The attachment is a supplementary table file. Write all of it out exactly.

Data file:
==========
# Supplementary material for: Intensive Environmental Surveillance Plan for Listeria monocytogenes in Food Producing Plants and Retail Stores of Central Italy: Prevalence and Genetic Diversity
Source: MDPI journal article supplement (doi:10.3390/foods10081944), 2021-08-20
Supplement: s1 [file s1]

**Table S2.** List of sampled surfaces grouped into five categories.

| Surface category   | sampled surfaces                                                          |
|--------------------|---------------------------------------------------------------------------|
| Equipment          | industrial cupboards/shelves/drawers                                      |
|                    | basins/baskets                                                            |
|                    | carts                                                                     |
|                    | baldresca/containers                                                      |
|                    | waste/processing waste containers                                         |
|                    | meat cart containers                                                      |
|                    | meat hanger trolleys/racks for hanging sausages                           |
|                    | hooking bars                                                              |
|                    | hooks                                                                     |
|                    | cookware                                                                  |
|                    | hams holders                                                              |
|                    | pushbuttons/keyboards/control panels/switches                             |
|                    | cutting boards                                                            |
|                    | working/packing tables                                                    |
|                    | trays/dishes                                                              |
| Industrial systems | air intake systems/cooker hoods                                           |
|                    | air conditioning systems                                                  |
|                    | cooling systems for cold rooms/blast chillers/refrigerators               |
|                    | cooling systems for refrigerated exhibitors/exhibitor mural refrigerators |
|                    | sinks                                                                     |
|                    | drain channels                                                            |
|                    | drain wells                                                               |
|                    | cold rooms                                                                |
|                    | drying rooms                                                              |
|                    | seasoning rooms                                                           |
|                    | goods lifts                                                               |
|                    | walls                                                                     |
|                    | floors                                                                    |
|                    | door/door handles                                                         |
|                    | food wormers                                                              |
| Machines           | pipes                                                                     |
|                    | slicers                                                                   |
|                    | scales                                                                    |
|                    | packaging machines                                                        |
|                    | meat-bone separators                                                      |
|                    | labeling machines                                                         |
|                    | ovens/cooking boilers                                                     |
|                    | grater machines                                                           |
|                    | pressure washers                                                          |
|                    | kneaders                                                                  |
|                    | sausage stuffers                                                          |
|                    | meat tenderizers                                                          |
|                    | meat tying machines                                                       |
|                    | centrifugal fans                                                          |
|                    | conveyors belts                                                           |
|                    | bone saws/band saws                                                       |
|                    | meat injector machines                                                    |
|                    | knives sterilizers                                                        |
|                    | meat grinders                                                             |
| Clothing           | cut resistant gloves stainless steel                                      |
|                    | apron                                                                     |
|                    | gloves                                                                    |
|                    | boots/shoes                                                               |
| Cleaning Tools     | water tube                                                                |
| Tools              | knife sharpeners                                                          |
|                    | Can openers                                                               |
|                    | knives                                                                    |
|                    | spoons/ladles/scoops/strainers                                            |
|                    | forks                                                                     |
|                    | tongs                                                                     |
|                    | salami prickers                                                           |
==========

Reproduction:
# Supplementary material for: Intensive Environmental Surveillance Plan for Listeria monocytogenes in Food Producing Plants and Retail Stores of Central Italy: Prevalence and Genetic Diversity
Source: MDPI journal article supplement (doi:10.3390/foods10081944), 2021-08-20
Supplement: s1 [file s1]

**Table S2.** List of sampled surfaces grouped into five categories.

| Surface category   | sampled surfaces                                                          |
|--------------------|---------------------------------------------------------------------------|
| Equipment          | industrial cupboards/shelves/drawers                                      |
|                    | basins/baskets                                                            |
|                    | carts                                                                     |
|                    | baldresca/containers                                                      |
|                    | waste/processing waste containers                                         |
|                    | meat cart containers                                                      |
|                    | meat hanger trolleys/racks for hanging sausages                           |
|                    | hooking bars                                                              |
|                    | hooks                                                                     |
|                    | cookware                                                                  |
|                    | hams holders                                                              |
|                    | pushbuttons/keyboards/control panels/switches                             |
|                    | cutting boards                                                            |
|                    | working/packing tables                                                    |
|                    | trays/dishes                                                              |
| Industrial systems | air intake systems/cooker hoods                                           |
|                    | air conditioning systems                                                  |
|                    | cooling systems for cold rooms/blast chillers/refrigerators               |
|                    | cooling systems for refrigerated exhibitors/exhibitor mural refrigerators |
|                    | sinks                                                                     |
|                    | drain channels                                                            |
|                    | drain wells                                                               |
|                    | cold rooms                                                                |
|                    | drying rooms                                                              |
|                    | seasoning rooms                                                           |
|                    | goods lifts                                                               |
|                    | walls                                                                     |
|                    | floors                                                                    |
|                    | door/door handles                                                         |
|                    | food wormers                                                              |
| Machines           | pipes                                                                     |
|                    | slicers                                                                   |
|                    | scales                                                                    |
|                    | packaging machines                                                        |
|                    | meat-bone separators                                                      |
|                    | labeling machines                                                         |
|                    | ovens/cooking boilers                                                     |
|                    | grater machines                                                           |
|                    | pressure washers                                                          |
|                    | kneaders                                                                  |
|                    | sausage stuffers                                                          |
|                    | meat tenderizers                                                          |
|                    | meat tying machines                                                       |
|                    | centrifugal fans                                                          |
|                    | conveyors belts                                                           |
|                    | bone saws/band saws                                                       |
|                    | meat injector machines                                                    |
|                    | knives sterilizers                                                        |
|                    | meat grinders                                                             |
| Clothing           | cut resistant gloves stainless steel                                      |
|                    | apron                                                                     |
|                    | gloves                                                                    |
|                    | boots/shoes                                                               |
| Cleaning Tools     | water tube                                                                |
| Tools              | knife sharpeners                                                          |
|                    | Can openers                                                               |
|                    | knives                                                                    |
|                    | spoons/ladles/scoops/strainers                                            |
|                    | forks                                                                     |
|                    | tongs                                                                     |
|                    | salami prickers                                                           |